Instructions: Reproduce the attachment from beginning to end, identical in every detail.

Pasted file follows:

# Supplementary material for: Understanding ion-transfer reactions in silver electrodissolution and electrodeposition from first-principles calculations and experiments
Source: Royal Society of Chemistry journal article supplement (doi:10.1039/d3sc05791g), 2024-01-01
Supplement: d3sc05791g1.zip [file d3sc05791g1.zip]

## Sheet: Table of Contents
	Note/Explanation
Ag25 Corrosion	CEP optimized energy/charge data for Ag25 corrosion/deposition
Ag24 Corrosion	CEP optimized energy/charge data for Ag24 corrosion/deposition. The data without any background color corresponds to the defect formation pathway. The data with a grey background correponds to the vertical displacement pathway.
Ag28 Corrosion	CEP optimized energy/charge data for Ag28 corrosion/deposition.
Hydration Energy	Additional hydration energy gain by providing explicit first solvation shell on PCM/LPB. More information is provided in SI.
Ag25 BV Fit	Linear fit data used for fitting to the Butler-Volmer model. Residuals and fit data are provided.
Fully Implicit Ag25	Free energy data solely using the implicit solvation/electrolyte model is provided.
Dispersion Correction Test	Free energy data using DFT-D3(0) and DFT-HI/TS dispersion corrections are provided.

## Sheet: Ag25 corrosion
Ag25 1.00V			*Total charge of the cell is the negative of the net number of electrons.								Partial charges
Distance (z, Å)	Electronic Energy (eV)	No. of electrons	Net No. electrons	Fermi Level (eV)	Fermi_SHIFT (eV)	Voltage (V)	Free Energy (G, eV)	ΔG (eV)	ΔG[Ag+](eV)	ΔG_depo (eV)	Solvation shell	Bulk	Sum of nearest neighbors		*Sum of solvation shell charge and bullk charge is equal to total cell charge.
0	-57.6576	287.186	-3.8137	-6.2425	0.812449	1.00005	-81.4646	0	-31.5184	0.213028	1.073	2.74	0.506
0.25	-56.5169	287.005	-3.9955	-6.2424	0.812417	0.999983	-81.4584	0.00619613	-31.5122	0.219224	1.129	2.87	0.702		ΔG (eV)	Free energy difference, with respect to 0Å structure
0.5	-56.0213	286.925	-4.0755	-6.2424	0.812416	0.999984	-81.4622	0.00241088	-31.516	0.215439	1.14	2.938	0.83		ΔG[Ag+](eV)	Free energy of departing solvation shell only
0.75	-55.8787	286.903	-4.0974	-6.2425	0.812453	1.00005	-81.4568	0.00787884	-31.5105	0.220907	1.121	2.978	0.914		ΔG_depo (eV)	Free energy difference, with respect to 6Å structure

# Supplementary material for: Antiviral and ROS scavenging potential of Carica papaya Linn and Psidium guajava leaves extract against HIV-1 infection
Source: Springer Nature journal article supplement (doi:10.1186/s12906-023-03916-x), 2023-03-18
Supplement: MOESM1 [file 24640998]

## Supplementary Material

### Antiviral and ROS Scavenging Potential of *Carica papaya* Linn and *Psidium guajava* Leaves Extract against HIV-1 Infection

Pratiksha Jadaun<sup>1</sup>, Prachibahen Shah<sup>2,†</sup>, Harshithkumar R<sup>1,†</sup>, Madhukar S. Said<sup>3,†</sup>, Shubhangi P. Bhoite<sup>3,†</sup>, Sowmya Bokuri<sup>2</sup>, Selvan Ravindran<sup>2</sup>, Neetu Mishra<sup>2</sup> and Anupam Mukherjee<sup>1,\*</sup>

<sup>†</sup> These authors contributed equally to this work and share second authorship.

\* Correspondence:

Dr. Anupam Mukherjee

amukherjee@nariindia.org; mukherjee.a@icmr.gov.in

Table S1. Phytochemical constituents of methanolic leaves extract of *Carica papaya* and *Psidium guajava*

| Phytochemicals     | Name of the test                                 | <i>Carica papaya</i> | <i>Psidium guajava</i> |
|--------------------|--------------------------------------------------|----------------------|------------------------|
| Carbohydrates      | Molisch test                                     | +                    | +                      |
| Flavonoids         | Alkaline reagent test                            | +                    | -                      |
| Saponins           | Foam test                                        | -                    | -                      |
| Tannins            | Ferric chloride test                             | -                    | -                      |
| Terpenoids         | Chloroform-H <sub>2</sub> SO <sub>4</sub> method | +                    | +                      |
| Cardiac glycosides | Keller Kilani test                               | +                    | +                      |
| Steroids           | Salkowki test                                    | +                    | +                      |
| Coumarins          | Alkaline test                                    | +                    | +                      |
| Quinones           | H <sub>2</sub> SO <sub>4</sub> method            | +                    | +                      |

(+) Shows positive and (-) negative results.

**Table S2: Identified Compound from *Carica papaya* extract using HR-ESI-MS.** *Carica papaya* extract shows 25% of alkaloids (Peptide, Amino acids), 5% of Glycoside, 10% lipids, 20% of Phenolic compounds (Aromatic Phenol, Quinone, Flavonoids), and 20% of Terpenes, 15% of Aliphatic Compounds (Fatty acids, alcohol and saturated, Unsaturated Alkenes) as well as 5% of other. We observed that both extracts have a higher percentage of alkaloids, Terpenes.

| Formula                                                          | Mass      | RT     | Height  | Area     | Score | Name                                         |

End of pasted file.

# Supplementary material for: Understanding ion-transfer reactions in silver electrodissolution and electrodeposition from first-principles calculations and experiments
Source: Royal Society of Chemistry journal article supplement (doi:10.1039/d3sc05791g), 2024-01-01
Supplement: d3sc05791g1.zip [file d3sc05791g1.zip]

## Sheet: Table of Contents
	Note/Explanation
Ag25 Corrosion	CEP optimized energy/charge data for Ag25 corrosion/deposition
Ag24 Corrosion	CEP optimized energy/charge data for Ag24 corrosion/deposition. The data without any background color corresponds to the defect formation pathway. The data with a grey background correponds to the vertical displacement pathway.
Ag28 Corrosion	CEP optimized energy/charge data for Ag28 corrosion/deposition.
Hydration Energy	Additional hydration energy gain by providing explicit first solvation shell on PCM/LPB. More information is provided in SI.
Ag25 BV Fit	Linear fit data used for fitting to the Butler-Volmer model. Residuals and fit data are provided.
Fully Implicit Ag25	Free energy data solely using the implicit solvation/electrolyte model is provided.
Dispersion Correction Test	Free energy data using DFT-D3(0) and DFT-HI/TS dispersion corrections are provided.

## Sheet: Ag25 corrosion
Ag25 1.00V			*Total charge of the cell is the negative of the net number of electrons.								Partial charges
Distance (z, Å)	Electronic Energy (eV)	No. of electrons	Net No. electrons	Fermi Level (eV)	Fermi_SHIFT (eV)	Voltage (V)	Free Energy (G, eV)	ΔG (eV)	ΔG[Ag+](eV)	ΔG_depo (eV)	Solvation shell	Bulk	Sum of nearest neighbors		*Sum of solvation shell charge and bullk charge is equal to total cell charge.
0	-57.6576	287.186	-3.8137	-6.2425	0.812449	1.00005	-81.4646	0	-31.5184	0.213028	1.073	2.74	0.506
0.25	-56.5169	287.005	-3.9955	-6.2424	0.812417	0.999983	-81.4584	0.00619613	-31.5122	0.219224	1.129	2.87	0.702		ΔG (eV)	Free energy difference, with respect to 0Å structure
0.5	-56.0213	286.925	-4.0755	-6.2424	0.812416	0.999984	-81.4622	0.00241088	-31.516	0.215439	1.14	2.938	0.83		ΔG[Ag+](eV)	Free energy of departing solvation shell only
0.75	-55.8787	286.903	-4.0974	-6.2425	0.812453	1.00005	-81.4568	0.00787884	-31.5105	0.220907	1.121	2.978	0.914		ΔG_depo (eV)	Free energy difference, with respect to 6Å structure

# Supplementary material for: Antiviral and ROS scavenging potential of Carica papaya Linn and Psidium guajava leaves extract against HIV-1 infection
Source: Springer Nature journal article supplement (doi:10.1186/s12906-023-03916-x), 2023-03-18
Supplement: MOESM1 [file 24640998]

## Supplementary Material

### Antiviral and ROS Scavenging Potential of *Carica papaya* Linn and *Psidium guajava* Leaves Extract against HIV-1 Infection

Pratiksha Jadaun<sup>1</sup>, Prachibahen Shah<sup>2,†</sup>, Harshithkumar R<sup>1,†</sup>, Madhukar S. Said<sup>3,†</sup>, Shubhangi P. Bhoite<sup>3,†</sup>, Sowmya Bokuri<sup>2</sup>, Selvan Ravindran<sup>2</sup>, Neetu Mishra<sup>2</sup> and Anupam Mukherjee<sup>1,\*</sup>

<sup>†</sup> These authors contributed equally to this work and share second authorship.

\* Correspondence:

Dr. Anupam Mukherjee

amukherjee@nariindia.org; mukherjee.a@icmr.gov.in

Table S1. Phytochemical constituents of methanolic leaves extract of *Carica papaya* and *Psidium guajava*

| Phytochemicals     | Name of the test                                 | <i>Carica papaya</i> | <i>Psidium guajava</i> |
|--------------------|--------------------------------------------------|----------------------|------------------------|
| Carbohydrates      | Molisch test                                     | +                    | +                      |
| Flavonoids         | Alkaline reagent test                            | +                    | -                      |
| Saponins           | Foam test                                        | -                    | -                      |
| Tannins            | Ferric chloride test                             | -                    | -                      |
| Terpenoids         | Chloroform-H <sub>2</sub> SO <sub>4</sub> method | +                    | +                      |
| Cardiac glycosides | Keller Kilani test                               | +                    | +                      |
| Steroids           | Salkowki test                                    | +                    | +                      |
| Coumarins          | Alkaline test                                    | +                    | +                      |
| Quinones           | H <sub>2</sub> SO <sub>4</sub> method            | +                    | +                      |

(+) Shows positive and (-) negative results.

**Table S2: Identified Compound from *Carica papaya* extract using HR-ESI-MS.** *Carica papaya* extract shows 25% of alkaloids (Peptide, Amino acids), 5% of Glycoside, 10% lipids, 20% of Phenolic compounds (Aromatic Phenol, Quinone, Flavonoids), and 20% of Terpenes, 15% of Aliphatic Compounds (Fatty acids, alcohol and saturated, Unsaturated Alkenes) as well as 5% of other. We observed that both extracts have a higher percentage of alkaloids, Terpenes.

| Formula                                                          | Mass      | RT     | Height  | Area     | Score | Name                                         |